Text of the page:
The nutritional necessity of B12 explains why it’s such a popular supplement, and also why some celebrities have touted B12 injections as the magic ingredient in their health regimens. The vitamin’s links to increased energy have also made B12 popular among some dieters and weight loss clinics—the thinking being that more energy will translate to more exercise.

“But unless you have a B12 deficiency, there’s really no role for it,” Sukol says of B12 shots and supplements. Put simply, more isn’t better. And even if you’re low on B12, there’s no evidence injections of it will help you lose weight, says Dr. Brent Bauer, director of the complementary and integrative medicine program at Mayo Clinic. “Everybody’s looking for a shortcut,” he says. “B12 supplementation has its benefits, but it’s not a solution for weight loss.”

So weight loss is out, but B12 shots have been associated with other conditions, too. In fact, there’s some solid research on B12 injections for the treatment of fibromyalgia and myalgia encephalomyelitis.

Food sources of the vitamin include eggs, meat, and dairy products. People who eschew those foods are at elevated risk. “When I test vegans for B12, they’re usually on the low side—if not deficient,” Sukol says. Some gut-related diseases like Crohn’s or Celiac—as well as most types of weight loss surgery—can also limit the amount of B12 your system absorbs, she adds.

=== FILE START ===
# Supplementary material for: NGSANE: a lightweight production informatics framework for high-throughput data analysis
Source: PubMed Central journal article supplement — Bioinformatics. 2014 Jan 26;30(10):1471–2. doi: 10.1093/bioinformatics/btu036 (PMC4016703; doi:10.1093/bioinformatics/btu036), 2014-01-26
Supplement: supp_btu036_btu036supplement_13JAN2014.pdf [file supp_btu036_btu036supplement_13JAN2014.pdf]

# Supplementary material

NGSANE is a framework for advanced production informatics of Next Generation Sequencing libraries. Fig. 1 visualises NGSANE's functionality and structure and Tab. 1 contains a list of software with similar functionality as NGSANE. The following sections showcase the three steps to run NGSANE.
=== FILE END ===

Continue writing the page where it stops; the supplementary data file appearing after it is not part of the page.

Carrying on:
But figuring out if you’re low on B12 is trickier than you might suppose. A much-cited 2000 study from the American Journal of Clinical Nutritionfound nearly 40% of the population have B12 levels that fall at or below what experts consider the low end of normal. While you might assume anything in the “normal” range means you’re in good shape, Sukol says that’s not always the case.

“Blood tests are not always black and white the way we’d like them to be,” she says. “If I have a patient taking a lot of naps and complaining about poor concentration, I might recommend B12 supplementation even though the blood tests look normal.”